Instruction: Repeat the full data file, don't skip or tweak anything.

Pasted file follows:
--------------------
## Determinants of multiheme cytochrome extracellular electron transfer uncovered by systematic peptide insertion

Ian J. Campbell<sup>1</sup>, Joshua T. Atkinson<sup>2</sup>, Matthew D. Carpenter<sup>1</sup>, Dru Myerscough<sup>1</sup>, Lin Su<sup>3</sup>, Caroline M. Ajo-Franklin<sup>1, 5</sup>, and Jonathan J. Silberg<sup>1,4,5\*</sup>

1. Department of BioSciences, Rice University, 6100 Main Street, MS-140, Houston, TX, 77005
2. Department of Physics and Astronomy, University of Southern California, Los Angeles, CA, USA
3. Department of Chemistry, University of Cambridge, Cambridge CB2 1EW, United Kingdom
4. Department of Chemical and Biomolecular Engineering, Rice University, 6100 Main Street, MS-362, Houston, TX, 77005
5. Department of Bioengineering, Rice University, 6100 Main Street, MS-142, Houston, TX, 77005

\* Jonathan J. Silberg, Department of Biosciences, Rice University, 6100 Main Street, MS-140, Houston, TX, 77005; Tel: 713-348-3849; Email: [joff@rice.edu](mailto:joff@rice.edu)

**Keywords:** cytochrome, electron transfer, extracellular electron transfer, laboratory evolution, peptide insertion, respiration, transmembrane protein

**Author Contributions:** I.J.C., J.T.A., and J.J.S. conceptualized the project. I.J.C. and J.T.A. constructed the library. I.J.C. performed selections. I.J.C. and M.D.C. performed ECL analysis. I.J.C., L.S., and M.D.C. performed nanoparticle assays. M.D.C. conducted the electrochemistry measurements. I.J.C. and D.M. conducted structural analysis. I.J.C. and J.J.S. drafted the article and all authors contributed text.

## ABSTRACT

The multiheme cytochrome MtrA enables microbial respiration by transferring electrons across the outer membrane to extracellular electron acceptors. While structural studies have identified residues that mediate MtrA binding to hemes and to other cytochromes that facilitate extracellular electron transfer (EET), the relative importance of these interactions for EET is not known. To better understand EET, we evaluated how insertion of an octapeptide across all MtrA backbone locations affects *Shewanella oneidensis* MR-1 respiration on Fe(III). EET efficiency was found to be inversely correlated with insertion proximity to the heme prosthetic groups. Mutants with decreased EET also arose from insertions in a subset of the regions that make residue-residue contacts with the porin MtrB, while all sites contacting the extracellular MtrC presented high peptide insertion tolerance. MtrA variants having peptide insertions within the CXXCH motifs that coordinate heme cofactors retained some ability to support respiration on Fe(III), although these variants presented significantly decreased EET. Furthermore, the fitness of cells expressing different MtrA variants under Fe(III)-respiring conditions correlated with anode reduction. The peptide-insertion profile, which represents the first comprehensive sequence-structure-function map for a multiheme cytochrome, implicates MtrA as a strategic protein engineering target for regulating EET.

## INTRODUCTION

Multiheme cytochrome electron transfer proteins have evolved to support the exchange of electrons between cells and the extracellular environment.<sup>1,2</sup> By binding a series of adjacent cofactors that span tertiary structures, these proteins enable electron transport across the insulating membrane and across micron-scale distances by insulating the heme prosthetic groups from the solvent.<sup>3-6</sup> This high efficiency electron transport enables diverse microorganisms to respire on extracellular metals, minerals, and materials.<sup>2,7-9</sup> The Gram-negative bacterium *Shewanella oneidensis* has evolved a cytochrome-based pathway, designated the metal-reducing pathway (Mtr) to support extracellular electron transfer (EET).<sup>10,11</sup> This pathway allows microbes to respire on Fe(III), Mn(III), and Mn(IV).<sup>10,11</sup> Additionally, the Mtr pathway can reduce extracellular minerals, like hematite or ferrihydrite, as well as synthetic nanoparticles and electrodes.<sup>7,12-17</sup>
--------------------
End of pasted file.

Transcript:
## Determinants of multiheme cytochrome extracellular electron transfer uncovered by systematic peptide insertion

Ian J. Campbell<sup>1</sup>, Joshua T. Atkinson<sup>2</sup>, Matthew D. Carpenter<sup>1</sup>, Dru Myerscough<sup>1</sup>, Lin Su<sup>3</sup>, Caroline M. Ajo-Franklin<sup>1, 5</sup>, and Jonathan J. Silberg<sup>1,4,5\*</sup>

1. Department of BioSciences, Rice University, 6100 Main Street, MS-140, Houston, TX, 77005
2. Department of Physics and Astronomy, University of Southern California, Los Angeles, CA, USA
3. Department of Chemistry, University of Cambridge, Cambridge CB2 1EW, United Kingdom
4. Department of Chemical and Biomolecular Engineering, Rice University, 6100 Main Street, MS-362, Houston, TX, 77005
5. Department of Bioengineering, Rice University, 6100 Main Street, MS-142, Houston, TX, 77005

\* Jonathan J. Silberg, Department of Biosciences, Rice University, 6100 Main Street, MS-140, Houston, TX, 77005; Tel: 713-348-3849; Email: [joff@rice.edu](mailto:joff@rice.edu)

**Keywords:** cytochrome, electron transfer, extracellular electron transfer, laboratory evolution, peptide insertion, respiration, transmembrane protein

**Author Contributions:** I.J.C., J.T.A., and J.J.S. conceptualized the project. I.J.C. and J.T.A. constructed the library. I.J.C. performed selections. I.J.C. and M.D.C. performed ECL analysis. I.J.C., L.S., and M.D.C. performed nanoparticle assays. M.D.C. conducted the electrochemistry measurements. I.J.C. and D.M. conducted structural analysis. I.J.C. and J.J.S. drafted the article and all authors contributed text.

## ABSTRACT

The multiheme cytochrome MtrA enables microbial respiration by transferring electrons across the outer membrane to extracellular electron acceptors. While structural studies have identified residues that mediate MtrA binding to hemes and to other cytochromes that facilitate extracellular electron transfer (EET), the relative importance of these interactions for EET is not known. To better understand EET, we evaluated how insertion of an octapeptide across all MtrA backbone locations affects *Shewanella oneidensis* MR-1 respiration on Fe(III). EET efficiency was found to be inversely correlated with insertion proximity to the heme prosthetic groups. Mutants with decreased EET also arose from insertions in a subset of the regions that make residue-residue contacts with the porin MtrB, while all sites contacting the extracellular MtrC presented high peptide insertion tolerance. MtrA variants having peptide insertions within the CXXCH motifs that coordinate heme cofactors retained some ability to support respiration on Fe(III), although these variants presented significantly decreased EET. Furthermore, the fitness of cells expressing different MtrA variants under Fe(III)-respiring conditions correlated with anode reduction. The peptide-insertion profile, which represents the first comprehensive sequence-structure-function map for a multiheme cytochrome, implicates MtrA as a strategic protein engineering target for regulating EET.

## INTRODUCTION

Multiheme cytochrome electron transfer proteins have evolved to support the exchange of electrons between cells and the extracellular environment.<sup>1,2</sup> By binding a series of adjacent cofactors that span tertiary structures, these proteins enable electron transport across the insulating membrane and across micron-scale distances by insulating the heme prosthetic groups from the solvent.<sup>3-6</sup> This high efficiency electron transport enables diverse microorganisms to respire on extracellular metals, minerals, and materials.<sup>2,7-9</sup> The Gram-negative bacterium *Shewanella oneidensis* has evolved a cytochrome-based pathway, designated the metal-reducing pathway (Mtr) to support extracellular electron transfer (EET).<sup>10,11</sup> This pathway allows microbes to respire on Fe(III), Mn(III), and Mn(IV).<sup>10,11</sup> Additionally, the Mtr pathway can reduce extracellular minerals, like hematite or ferrihydrite, as well as synthetic nanoparticles and electrodes.<sup>7,12-17</sup>